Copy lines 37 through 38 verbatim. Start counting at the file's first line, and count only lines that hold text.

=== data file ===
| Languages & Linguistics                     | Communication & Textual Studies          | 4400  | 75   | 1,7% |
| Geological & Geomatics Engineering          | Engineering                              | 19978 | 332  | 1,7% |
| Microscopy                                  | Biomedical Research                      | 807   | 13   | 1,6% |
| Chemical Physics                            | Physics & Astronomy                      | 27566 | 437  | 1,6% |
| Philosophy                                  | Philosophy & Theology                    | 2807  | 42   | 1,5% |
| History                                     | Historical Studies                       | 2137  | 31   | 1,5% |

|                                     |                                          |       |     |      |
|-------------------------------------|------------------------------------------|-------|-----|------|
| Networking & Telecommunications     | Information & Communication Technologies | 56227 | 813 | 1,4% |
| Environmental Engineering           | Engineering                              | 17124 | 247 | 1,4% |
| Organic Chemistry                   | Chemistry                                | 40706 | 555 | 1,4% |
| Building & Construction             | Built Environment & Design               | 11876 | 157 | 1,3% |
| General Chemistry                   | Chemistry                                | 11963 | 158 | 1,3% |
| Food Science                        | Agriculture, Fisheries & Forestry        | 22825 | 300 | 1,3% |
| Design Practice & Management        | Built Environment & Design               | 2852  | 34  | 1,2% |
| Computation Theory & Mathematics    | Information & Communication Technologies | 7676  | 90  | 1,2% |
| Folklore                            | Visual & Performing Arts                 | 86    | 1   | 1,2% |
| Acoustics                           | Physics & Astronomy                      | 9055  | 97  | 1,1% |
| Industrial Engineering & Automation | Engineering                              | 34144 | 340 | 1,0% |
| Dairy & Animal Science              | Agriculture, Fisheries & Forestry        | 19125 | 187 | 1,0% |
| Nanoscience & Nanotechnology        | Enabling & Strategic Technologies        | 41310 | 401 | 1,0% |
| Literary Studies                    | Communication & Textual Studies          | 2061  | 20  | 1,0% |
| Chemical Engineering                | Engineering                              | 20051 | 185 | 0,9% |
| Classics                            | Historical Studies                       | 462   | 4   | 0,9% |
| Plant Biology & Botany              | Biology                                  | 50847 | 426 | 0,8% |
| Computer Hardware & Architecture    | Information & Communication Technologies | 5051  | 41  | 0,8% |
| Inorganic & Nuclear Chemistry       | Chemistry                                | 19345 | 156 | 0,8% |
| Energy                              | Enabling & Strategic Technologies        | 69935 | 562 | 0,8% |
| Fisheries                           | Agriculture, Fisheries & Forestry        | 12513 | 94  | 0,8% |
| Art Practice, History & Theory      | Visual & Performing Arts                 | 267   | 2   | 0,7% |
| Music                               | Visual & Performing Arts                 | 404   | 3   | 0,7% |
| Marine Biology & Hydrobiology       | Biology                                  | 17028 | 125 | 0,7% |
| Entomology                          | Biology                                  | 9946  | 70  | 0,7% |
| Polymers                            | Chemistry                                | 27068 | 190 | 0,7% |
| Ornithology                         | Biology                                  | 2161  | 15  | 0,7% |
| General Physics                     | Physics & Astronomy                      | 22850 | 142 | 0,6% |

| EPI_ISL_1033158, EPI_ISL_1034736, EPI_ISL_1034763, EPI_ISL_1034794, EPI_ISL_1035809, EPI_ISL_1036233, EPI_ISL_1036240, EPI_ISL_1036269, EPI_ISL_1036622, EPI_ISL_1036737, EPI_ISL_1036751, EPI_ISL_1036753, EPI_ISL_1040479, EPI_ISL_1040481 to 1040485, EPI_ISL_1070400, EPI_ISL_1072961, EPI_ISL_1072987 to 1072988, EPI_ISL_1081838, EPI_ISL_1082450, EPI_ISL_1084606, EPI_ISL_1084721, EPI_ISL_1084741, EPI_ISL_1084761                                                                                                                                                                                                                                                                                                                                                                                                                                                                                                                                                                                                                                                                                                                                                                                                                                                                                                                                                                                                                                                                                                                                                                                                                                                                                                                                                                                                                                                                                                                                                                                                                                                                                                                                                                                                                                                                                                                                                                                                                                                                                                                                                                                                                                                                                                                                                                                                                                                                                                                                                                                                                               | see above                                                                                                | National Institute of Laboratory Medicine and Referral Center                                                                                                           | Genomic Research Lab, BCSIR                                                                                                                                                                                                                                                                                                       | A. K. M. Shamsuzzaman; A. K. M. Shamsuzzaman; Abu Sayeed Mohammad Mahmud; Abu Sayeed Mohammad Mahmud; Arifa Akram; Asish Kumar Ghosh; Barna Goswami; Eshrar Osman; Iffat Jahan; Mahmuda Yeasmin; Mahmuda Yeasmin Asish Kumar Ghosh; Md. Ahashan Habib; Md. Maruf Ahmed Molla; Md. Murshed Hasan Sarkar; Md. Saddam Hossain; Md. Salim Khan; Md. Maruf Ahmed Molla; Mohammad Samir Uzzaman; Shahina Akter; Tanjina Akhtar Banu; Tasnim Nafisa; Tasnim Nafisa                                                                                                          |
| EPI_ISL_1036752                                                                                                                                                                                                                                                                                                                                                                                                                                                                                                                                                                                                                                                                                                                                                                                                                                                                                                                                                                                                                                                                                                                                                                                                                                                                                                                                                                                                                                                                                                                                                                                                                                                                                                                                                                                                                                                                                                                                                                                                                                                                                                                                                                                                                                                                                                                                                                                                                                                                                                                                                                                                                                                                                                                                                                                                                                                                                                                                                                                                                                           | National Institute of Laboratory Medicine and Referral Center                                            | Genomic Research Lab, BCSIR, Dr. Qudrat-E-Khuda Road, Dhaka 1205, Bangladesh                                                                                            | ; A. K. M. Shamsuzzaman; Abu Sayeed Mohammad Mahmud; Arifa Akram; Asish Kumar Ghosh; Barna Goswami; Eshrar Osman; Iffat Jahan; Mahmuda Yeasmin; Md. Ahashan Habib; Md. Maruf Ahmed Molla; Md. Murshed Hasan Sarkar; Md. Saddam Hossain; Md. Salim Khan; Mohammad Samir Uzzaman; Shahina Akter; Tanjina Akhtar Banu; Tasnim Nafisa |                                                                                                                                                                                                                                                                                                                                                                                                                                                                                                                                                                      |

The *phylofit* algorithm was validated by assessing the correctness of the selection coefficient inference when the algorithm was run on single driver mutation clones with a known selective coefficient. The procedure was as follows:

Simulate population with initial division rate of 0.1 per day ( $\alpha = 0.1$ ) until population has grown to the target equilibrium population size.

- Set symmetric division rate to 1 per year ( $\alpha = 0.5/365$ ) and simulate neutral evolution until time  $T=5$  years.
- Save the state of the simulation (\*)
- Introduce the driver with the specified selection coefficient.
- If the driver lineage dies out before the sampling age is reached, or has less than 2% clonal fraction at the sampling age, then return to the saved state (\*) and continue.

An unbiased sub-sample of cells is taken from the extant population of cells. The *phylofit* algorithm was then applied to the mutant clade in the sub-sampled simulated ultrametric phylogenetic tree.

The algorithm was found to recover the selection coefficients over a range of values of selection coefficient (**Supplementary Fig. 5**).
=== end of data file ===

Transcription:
| EPI_ISL_1033158, EPI_ISL_1034736, EPI_ISL_1034763, EPI_ISL_1034794, EPI_ISL_1035809, EPI_ISL_1036233, EPI_ISL_1036240, EPI_ISL_1036269, EPI_ISL_1036622, EPI_ISL_1036737, EPI_ISL_1036751, EPI_ISL_1036753, EPI_ISL_1040479, EPI_ISL_1040481 to 1040485, EPI_ISL_1070400, EPI_ISL_1072961, EPI_ISL_1072987 to 1072988, EPI_ISL_1081838, EPI_ISL_1082450, EPI_ISL_1084606, EPI_ISL_1084721, EPI_ISL_1084741, EPI_ISL_1084761                                                                                                                                                                                                                                                                                                                                                                                                                                                                                                                                                                                                                                                                                                                                                                                                                                                                                                                                                                                                                                                                                                                                                                                                                                                                                                                                                                                                                                                                                                                                                                                                                                                                                                                                                                                                                                                                                                                                                                                                                                                                                                                                                                                                                                                                                                                                                                                                                                                                                                                                                                                                                               | see above                                                                                                | National Institute of Laboratory Medicine and Referral Center                                                                                                           | Genomic Research Lab, BCSIR                                                                                                                                                                                                                                                                                                       | A. K. M. Shamsuzzaman; A. K. M. Shamsuzzaman; Abu Sayeed Mohammad Mahmud; Abu Sayeed Mohammad Mahmud; Arifa Akram; Asish Kumar Ghosh; Barna Goswami; Eshrar Osman; Iffat Jahan; Mahmuda Yeasmin; Mahmuda Yeasmin Asish Kumar Ghosh; Md. Ahashan Habib; Md. Maruf Ahmed Molla; Md. Murshed Hasan Sarkar; Md. Saddam Hossain; Md. Salim Khan; Md. Maruf Ahmed Molla; Mohammad Samir Uzzaman; Shahina Akter; Tanjina Akhtar Banu; Tasnim Nafisa; Tasnim Nafisa                                                                                                          |
| EPI_ISL_1036752                                                                                                                                                                                                                                                                                                                                                                                                                                                                                                                                                                                                                                                                                                                                                                                                                                                                                                                                                                                                                                                                                                                                                                                                                                                                                                                                                                                                                                                                                                                                                                                                                                                                                                                                                                                                                                                                                                                                                                                                                                                                                                                                                                                                                                                                                                                                                                                                                                                                                                                                                                                                                                                                                                                                                                                                                                                                                                                                                                                                                                           | National Institute of Laboratory Medicine and Referral Center                                            | Genomic Research Lab, BCSIR, Dr. Qudrat-E-Khuda Road, Dhaka 1205, Bangladesh                                                                                            | ; A. K. M. Shamsuzzaman; Abu Sayeed Mohammad Mahmud; Arifa Akram; Asish Kumar Ghosh; Barna Goswami; Eshrar Osman; Iffat Jahan; Mahmuda Yeasmin; Md. Ahashan Habib; Md. Maruf Ahmed Molla; Md. Murshed Hasan Sarkar; Md. Saddam Hossain; Md. Salim Khan; Mohammad Samir Uzzaman; Shahina Akter; Tanjina Akhtar Banu; Tasnim Nafisa |                                                                                                                                                                                                                                                                                                                                                                                                                                                                                                                                                                      |